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Publication numberUS4597657 A
Publication typeGrant
Application numberUS 06/658,509
Publication dateJul 1, 1986
Filing dateOct 9, 1984
Priority dateOct 17, 1983
Fee statusPaid
Publication number06658509, 658509, US 4597657 A, US 4597657A, US-A-4597657, US4597657 A, US4597657A
InventorsHiroshi Wakabayashi
Original AssigneeNippon Kogaku K. K.
Export CitationBiBTeX, EndNote, RefMan
External Links: USPTO, USPTO Assignment, Espacenet
Compact camera capable of encasing a phototaking optical system
US 4597657 A
Abstract
A camera is provided with a phototaking optical system whose optical property can be changed, means for disabling the camera from taking a picture using the optical system, and a manual operating member for changeover.
Images(7)
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Claims(14)
I claim:
1. A camera comprising:
(a) picture-taking means, including a phototaking optical system, functioning to enable said camera to take a picture of an object;
(b) means acting on said optical system to change an optical property of said optical system between a first property and a second property different from said first property;
(c) means for disabling said picture-taking means to prevent said camera from taking a picture;
(d) operating means including an operation member manually settable to a plural number of operation positions, selectively, including first, second and third operation positions; and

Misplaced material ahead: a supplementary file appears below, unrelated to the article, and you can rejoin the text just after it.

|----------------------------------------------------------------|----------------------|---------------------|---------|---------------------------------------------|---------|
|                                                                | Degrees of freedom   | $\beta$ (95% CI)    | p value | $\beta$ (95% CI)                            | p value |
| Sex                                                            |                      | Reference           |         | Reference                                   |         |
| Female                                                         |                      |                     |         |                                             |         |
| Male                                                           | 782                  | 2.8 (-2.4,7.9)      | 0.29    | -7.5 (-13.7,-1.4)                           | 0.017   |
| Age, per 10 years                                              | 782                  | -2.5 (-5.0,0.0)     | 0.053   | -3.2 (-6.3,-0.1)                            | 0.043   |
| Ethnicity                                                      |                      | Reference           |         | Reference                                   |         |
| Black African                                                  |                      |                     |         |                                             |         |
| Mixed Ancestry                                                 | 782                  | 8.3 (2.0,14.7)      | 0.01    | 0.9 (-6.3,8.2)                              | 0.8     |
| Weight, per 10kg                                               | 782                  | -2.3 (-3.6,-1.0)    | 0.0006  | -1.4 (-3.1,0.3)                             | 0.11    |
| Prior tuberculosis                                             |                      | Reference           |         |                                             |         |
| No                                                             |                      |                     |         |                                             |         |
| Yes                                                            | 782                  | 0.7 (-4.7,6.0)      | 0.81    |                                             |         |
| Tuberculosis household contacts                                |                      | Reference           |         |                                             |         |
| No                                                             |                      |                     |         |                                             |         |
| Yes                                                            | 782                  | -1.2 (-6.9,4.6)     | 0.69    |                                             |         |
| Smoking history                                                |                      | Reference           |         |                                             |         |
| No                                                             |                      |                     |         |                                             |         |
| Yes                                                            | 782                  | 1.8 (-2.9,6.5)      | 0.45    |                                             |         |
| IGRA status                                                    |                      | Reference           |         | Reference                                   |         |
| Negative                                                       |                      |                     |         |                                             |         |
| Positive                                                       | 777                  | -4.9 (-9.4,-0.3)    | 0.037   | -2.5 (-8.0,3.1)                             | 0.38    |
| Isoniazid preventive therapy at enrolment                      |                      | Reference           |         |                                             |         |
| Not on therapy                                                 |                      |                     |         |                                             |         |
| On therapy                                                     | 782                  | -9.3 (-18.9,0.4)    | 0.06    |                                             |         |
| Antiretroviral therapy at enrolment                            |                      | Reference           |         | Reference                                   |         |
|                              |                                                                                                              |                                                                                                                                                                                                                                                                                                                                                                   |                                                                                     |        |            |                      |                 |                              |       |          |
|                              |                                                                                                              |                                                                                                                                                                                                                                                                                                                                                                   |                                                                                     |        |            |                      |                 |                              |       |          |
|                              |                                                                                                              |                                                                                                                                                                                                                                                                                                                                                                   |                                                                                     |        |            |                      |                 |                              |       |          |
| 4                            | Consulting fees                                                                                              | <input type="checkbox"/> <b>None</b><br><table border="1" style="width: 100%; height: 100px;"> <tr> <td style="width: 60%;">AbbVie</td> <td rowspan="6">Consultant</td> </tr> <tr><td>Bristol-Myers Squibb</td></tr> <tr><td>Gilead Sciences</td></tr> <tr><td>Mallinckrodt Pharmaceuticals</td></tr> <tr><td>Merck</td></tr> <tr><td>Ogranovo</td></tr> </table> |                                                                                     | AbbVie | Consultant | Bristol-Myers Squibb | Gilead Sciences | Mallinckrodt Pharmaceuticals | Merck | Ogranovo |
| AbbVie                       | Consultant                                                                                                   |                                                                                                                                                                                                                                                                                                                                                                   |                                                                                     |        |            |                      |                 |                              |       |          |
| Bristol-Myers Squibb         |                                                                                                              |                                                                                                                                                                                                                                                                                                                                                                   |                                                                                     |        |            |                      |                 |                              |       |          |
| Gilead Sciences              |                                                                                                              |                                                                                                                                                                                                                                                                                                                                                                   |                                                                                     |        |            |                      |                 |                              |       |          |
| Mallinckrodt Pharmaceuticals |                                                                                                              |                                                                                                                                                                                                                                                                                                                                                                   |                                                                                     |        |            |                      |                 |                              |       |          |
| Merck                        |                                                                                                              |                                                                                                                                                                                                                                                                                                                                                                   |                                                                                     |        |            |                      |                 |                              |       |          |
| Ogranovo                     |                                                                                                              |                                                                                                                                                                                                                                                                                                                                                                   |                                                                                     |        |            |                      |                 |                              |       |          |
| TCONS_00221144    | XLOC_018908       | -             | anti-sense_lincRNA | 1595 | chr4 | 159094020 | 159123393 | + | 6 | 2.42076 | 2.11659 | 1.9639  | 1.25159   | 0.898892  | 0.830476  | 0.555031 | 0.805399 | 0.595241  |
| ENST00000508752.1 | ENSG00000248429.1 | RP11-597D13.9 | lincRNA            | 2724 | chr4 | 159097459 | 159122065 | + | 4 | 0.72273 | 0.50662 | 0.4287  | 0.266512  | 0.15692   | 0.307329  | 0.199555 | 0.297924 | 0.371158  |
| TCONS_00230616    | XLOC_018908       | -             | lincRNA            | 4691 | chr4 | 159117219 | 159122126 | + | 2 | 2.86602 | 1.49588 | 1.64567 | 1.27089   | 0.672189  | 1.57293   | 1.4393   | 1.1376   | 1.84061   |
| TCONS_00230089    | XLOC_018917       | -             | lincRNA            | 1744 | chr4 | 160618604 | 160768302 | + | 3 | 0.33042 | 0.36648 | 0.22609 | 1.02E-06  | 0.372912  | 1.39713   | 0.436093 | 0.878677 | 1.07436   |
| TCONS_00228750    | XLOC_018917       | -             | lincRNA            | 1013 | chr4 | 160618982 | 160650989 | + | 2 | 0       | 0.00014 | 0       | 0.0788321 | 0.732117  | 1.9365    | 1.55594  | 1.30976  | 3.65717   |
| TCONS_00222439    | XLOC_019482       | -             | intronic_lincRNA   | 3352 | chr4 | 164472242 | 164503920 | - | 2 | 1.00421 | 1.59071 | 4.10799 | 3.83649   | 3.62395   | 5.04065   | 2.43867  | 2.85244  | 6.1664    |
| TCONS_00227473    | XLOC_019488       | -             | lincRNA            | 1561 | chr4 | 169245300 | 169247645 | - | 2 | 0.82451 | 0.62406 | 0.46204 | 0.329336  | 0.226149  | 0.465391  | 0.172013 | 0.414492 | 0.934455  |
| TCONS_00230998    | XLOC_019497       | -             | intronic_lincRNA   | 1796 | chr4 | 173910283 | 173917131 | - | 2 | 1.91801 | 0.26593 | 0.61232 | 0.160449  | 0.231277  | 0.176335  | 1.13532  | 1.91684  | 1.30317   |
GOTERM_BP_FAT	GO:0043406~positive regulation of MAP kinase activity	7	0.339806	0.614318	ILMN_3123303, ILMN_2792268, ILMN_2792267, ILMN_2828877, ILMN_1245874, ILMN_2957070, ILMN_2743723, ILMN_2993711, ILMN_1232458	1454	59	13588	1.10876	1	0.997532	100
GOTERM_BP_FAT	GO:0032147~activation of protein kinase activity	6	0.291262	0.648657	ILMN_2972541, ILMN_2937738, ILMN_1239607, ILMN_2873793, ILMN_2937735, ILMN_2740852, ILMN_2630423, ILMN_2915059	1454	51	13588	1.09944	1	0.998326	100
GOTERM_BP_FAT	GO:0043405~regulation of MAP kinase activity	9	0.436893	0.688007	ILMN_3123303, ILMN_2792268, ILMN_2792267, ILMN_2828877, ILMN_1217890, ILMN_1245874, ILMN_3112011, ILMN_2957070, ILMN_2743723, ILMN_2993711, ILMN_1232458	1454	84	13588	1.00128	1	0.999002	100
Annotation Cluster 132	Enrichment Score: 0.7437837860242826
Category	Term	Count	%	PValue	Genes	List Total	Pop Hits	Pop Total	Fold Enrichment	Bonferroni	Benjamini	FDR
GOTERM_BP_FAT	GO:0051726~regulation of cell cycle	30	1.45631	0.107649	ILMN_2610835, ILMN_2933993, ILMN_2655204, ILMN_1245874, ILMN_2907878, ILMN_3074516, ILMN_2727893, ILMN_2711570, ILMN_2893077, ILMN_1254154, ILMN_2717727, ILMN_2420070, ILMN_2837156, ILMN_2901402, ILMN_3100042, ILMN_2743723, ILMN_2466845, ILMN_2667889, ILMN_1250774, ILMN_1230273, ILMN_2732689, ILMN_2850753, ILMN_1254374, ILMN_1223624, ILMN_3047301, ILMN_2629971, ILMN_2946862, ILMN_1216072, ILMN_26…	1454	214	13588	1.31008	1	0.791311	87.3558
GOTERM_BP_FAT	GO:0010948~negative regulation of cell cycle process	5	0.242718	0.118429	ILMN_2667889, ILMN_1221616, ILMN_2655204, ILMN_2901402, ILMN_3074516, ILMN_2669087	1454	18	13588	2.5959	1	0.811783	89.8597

(e) means for controlling said acting means and said disabling means in response to said operating means, said control means controlling said acting means in such manner that the optical property of said optical system is changed to said first property by a manual setting of said operation member into said first operation position and said optical property is changed to said second property by a manual setting of said operation member into said second operation position, and controlling said disabling means in such a manner that said disabling means is actuated by a manual setting of said operation member into said third operation position.
2. A camera according to claim 1, wherein said camera has a housing and said disabling means includes a cover member for encasing said optical system within said housing with said optical system being covered against the exterior.
3. A camera according to claim 1, wherein said camera has a housing, wherein said acting means, when said optical property is to be changed over to said first property, moves said optical system along the optical axis up to a position in which at least a part of said optical system projects forward from said housing, and wherein said acting means, when said optical property is changed over to said second property, moves said optical system back to another position in which said optical system is retracted into said housing.
4. A camera according to claim 3, wherein said control means holds said optical system in the position retracted into said housing whenever said operation member is manually set in said third operation position and wherein said disabling means includes means for covering said optical system.
5. A camera according to claim 1, wherein said camera has shutter means for starting an exposure operation in response to a releasing operation and said disabling means includes means for prohibiting the operation of said shutter means.